Mix your edible blue luster dust and the red luster dust with lemon extract or vodka and then paint your lightsabers. These will need to set on a flat surface and dry for several days before using.
Making the lightsaber handles:
I printed two of the handles, so I could cut out the silver piece that runs along the side. I wanted that to be separate and placed over the main handle.
I cut the handle out in black fondant and then the smaller silver piece in white. I painted that piece with silver and attached to the handle. I made some score marks and then brushed on some black luster dust over the black areas to add some sparkle.
Set all of these elements to the side to dry for at least several days. The long parts of the lightsabers are going to be super delicate even when they’re dry. It’s a good idea to make extra. By the way, I had to make the blue one three times. No joke. I almost let Darth Vader get the best of me.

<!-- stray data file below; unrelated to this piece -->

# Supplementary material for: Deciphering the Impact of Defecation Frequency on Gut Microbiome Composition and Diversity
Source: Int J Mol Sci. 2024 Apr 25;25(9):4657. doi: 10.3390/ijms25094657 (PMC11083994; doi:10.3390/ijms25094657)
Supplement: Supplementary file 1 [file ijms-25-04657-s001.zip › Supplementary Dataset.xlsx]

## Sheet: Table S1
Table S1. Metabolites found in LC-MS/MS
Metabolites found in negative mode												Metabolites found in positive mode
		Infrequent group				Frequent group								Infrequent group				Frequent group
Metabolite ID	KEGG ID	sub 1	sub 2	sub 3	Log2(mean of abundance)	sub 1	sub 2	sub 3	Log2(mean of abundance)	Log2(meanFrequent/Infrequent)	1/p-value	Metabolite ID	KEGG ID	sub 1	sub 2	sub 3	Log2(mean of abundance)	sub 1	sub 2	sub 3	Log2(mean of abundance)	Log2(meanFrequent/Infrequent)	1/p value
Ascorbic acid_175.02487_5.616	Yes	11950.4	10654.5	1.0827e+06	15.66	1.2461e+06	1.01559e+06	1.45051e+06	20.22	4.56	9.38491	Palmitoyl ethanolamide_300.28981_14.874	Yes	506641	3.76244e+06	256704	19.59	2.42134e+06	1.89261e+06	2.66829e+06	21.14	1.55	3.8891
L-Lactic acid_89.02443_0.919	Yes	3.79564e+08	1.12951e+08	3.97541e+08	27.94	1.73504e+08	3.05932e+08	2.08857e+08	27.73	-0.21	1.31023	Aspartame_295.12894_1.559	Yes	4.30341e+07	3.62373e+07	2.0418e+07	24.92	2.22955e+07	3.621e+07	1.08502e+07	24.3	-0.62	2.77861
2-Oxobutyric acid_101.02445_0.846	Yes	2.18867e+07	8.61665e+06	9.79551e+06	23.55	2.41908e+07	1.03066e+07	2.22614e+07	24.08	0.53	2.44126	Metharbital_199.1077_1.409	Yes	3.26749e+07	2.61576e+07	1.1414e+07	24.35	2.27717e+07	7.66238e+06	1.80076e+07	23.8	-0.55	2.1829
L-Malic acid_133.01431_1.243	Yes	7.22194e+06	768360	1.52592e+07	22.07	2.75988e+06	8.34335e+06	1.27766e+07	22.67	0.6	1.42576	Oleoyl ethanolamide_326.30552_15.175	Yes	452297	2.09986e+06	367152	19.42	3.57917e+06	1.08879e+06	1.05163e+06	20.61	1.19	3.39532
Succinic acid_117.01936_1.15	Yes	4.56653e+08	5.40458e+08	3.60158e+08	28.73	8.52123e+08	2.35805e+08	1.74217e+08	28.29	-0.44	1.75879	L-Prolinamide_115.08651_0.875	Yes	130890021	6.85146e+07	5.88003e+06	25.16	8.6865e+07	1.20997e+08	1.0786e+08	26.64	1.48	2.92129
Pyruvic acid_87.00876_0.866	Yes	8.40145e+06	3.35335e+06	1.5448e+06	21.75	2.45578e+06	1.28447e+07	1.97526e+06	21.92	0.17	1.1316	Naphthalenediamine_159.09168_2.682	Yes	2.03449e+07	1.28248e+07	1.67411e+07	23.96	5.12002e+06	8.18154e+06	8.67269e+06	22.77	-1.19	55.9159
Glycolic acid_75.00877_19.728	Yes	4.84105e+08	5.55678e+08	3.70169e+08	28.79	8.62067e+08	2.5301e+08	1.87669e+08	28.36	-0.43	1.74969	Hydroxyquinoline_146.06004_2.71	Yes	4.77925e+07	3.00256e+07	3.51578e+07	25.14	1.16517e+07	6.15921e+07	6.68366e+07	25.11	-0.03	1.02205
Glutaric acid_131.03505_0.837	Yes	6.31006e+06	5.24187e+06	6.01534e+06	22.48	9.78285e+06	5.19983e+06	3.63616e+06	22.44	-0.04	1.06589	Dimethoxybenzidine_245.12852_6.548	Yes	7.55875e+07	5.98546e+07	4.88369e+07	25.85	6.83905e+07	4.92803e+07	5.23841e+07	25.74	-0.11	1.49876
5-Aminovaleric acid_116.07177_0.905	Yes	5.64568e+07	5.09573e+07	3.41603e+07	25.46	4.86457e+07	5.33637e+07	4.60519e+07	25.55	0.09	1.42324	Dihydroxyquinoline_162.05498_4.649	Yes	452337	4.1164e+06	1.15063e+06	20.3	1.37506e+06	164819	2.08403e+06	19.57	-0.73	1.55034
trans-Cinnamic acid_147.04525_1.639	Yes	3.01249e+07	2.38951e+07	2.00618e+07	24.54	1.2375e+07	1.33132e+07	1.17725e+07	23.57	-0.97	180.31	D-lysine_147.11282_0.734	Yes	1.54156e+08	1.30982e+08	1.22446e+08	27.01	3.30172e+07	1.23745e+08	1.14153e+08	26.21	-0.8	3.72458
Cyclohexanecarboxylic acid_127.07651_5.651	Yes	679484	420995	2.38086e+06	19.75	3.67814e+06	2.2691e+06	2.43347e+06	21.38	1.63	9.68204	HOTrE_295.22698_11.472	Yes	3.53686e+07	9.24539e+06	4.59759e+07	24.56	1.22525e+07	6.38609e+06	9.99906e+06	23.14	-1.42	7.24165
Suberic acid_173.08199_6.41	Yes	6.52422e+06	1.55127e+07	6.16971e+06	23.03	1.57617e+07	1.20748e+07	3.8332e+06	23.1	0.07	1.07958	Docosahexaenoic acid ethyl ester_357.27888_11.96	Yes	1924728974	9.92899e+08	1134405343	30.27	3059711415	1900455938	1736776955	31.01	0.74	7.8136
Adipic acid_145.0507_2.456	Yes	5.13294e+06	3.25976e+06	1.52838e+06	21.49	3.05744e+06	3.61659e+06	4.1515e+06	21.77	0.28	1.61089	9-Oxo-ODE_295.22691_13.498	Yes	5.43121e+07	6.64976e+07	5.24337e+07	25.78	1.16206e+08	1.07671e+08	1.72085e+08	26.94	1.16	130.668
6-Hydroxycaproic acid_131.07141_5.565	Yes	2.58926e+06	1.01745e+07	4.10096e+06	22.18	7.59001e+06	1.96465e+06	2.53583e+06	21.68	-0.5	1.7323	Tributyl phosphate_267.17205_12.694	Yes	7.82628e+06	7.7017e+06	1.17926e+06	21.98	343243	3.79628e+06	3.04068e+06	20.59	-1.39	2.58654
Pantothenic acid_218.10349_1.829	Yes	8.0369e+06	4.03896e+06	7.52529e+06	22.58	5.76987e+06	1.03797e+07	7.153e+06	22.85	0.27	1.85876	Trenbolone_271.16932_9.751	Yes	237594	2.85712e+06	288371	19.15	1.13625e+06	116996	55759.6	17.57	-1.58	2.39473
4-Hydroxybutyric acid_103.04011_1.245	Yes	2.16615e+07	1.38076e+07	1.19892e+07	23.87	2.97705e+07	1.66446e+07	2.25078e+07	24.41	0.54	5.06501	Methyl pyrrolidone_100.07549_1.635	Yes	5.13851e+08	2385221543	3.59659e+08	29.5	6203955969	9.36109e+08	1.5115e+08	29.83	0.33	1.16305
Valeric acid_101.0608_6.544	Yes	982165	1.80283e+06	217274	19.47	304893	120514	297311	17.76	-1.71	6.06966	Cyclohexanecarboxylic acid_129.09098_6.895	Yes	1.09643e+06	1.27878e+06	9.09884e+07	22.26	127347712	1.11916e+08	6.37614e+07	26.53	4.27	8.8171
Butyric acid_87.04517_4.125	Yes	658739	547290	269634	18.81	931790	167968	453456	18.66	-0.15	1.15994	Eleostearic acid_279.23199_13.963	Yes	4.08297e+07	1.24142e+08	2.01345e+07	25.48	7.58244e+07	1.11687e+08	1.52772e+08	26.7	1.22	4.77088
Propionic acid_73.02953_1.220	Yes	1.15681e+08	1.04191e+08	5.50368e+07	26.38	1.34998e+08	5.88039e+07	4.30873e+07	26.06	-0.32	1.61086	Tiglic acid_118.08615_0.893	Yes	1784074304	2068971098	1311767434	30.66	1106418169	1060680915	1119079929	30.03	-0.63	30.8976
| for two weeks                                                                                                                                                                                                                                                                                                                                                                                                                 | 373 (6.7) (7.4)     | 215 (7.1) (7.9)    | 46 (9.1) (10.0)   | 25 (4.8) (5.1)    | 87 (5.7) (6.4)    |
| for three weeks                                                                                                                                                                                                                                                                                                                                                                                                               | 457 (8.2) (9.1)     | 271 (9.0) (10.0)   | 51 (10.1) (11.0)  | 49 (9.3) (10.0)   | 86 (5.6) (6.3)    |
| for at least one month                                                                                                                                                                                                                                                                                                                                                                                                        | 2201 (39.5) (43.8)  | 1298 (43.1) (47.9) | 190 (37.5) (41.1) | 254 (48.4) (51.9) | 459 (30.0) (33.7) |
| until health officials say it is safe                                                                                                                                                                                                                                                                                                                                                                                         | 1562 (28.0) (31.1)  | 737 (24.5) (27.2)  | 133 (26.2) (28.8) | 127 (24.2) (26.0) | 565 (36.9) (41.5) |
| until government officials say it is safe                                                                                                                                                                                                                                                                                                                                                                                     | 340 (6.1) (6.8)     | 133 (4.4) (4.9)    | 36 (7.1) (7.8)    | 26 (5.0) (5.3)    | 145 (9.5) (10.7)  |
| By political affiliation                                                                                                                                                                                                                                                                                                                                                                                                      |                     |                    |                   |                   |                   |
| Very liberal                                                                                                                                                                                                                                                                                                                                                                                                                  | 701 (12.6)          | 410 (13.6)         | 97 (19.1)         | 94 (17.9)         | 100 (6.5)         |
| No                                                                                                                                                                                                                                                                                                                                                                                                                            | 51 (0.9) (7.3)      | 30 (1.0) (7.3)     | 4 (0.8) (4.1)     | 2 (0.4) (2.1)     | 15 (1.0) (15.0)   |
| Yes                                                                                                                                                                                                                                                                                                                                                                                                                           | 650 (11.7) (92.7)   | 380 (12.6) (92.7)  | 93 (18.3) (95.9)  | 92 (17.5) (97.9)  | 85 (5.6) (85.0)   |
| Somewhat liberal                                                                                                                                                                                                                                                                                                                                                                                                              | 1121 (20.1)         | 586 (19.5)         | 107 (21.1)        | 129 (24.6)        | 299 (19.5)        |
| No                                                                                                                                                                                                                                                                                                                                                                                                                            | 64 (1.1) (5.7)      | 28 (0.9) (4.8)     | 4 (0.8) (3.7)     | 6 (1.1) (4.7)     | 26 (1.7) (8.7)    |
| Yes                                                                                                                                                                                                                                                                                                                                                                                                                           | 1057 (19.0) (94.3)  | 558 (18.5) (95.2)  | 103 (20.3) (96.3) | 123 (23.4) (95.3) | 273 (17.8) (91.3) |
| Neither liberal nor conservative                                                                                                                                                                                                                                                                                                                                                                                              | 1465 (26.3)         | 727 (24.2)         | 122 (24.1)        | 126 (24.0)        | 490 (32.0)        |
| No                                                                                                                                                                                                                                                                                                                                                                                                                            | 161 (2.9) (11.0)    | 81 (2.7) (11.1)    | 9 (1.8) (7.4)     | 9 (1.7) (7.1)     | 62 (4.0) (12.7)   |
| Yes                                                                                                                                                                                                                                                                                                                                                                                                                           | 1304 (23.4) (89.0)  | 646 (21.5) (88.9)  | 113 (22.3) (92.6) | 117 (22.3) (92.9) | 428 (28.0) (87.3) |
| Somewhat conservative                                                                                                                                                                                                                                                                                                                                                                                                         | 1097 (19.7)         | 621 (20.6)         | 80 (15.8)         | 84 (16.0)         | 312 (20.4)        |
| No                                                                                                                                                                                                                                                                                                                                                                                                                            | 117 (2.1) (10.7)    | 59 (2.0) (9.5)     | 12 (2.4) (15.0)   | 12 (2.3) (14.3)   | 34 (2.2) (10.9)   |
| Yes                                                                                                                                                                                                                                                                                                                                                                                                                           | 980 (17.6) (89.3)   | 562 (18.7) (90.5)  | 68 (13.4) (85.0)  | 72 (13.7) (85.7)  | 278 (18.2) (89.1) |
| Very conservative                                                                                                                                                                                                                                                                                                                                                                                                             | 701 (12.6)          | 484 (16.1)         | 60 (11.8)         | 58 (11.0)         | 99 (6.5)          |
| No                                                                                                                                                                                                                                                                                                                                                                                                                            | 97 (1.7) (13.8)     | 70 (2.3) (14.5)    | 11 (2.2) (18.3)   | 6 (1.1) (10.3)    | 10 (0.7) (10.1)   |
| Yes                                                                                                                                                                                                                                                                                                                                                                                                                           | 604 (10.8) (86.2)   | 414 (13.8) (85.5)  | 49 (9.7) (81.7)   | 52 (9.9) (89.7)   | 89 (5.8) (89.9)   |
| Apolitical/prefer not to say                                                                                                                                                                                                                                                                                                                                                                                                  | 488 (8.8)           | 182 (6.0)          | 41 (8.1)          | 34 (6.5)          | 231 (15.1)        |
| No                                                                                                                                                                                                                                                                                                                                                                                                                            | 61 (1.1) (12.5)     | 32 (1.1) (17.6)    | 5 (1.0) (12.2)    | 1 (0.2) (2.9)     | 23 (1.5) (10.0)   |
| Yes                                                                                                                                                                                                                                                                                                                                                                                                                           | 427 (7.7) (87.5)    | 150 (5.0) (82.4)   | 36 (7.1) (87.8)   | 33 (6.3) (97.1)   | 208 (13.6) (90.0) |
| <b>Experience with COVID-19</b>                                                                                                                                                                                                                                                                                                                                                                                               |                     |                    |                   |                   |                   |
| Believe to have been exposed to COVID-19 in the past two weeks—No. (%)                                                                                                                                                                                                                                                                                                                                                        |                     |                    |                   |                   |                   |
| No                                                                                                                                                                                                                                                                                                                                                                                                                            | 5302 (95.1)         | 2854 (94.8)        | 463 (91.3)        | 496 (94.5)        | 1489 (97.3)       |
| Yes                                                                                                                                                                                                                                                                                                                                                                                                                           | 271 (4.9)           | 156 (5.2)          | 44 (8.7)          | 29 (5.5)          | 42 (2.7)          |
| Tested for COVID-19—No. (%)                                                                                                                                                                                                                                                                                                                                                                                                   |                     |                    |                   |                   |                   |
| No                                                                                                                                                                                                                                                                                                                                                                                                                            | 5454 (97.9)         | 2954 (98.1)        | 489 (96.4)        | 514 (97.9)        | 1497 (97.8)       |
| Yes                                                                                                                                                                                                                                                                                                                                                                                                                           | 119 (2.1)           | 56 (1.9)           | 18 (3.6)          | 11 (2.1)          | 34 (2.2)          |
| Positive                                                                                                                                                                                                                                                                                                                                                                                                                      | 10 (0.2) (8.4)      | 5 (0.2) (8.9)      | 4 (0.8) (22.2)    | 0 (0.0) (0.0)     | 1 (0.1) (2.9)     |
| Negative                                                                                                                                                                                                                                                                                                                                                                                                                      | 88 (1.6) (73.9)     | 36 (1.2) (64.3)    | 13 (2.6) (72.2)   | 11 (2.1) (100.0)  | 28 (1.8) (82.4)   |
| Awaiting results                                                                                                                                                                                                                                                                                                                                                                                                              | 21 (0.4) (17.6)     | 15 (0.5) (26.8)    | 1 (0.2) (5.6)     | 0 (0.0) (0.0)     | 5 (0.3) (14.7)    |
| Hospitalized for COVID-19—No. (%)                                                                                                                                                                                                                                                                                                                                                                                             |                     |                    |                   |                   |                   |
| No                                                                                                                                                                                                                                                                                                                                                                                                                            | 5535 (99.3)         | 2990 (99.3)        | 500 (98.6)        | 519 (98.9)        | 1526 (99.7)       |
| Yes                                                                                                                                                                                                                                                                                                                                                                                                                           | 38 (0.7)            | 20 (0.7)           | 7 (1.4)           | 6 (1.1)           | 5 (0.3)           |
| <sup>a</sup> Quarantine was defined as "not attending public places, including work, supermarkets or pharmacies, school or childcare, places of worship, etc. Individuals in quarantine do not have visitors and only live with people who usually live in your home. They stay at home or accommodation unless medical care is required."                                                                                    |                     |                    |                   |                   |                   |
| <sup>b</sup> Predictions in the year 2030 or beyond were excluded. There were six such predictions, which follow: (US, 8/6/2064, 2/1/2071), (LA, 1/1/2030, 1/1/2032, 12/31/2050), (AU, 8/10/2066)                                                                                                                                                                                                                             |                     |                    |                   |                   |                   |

Building up the blue lightsaber:
Once they are REALLY dry, we’ll need to build up the blue lightsaber. Here’s what I mean: The lightsabers are criss-crossed on the cake, so one needs to be lifted up a little higher than the other so when it’s laid on top, it doesn’t crack. Since Luke Skywalker is the good guy, we’ll put the blue one on top.
Turn your blue lightsaber pieces face down. Roll out some black fondant about the thickness you want to lift up that lightsaber. Cut it into strips and attach with a little water on the back of the pieces. Do this for the handle too. Now, the exact spot where the two lightsabers will cross needs to have a thinner piece, otherwise it will crack.
Making the Star Wars Symbols: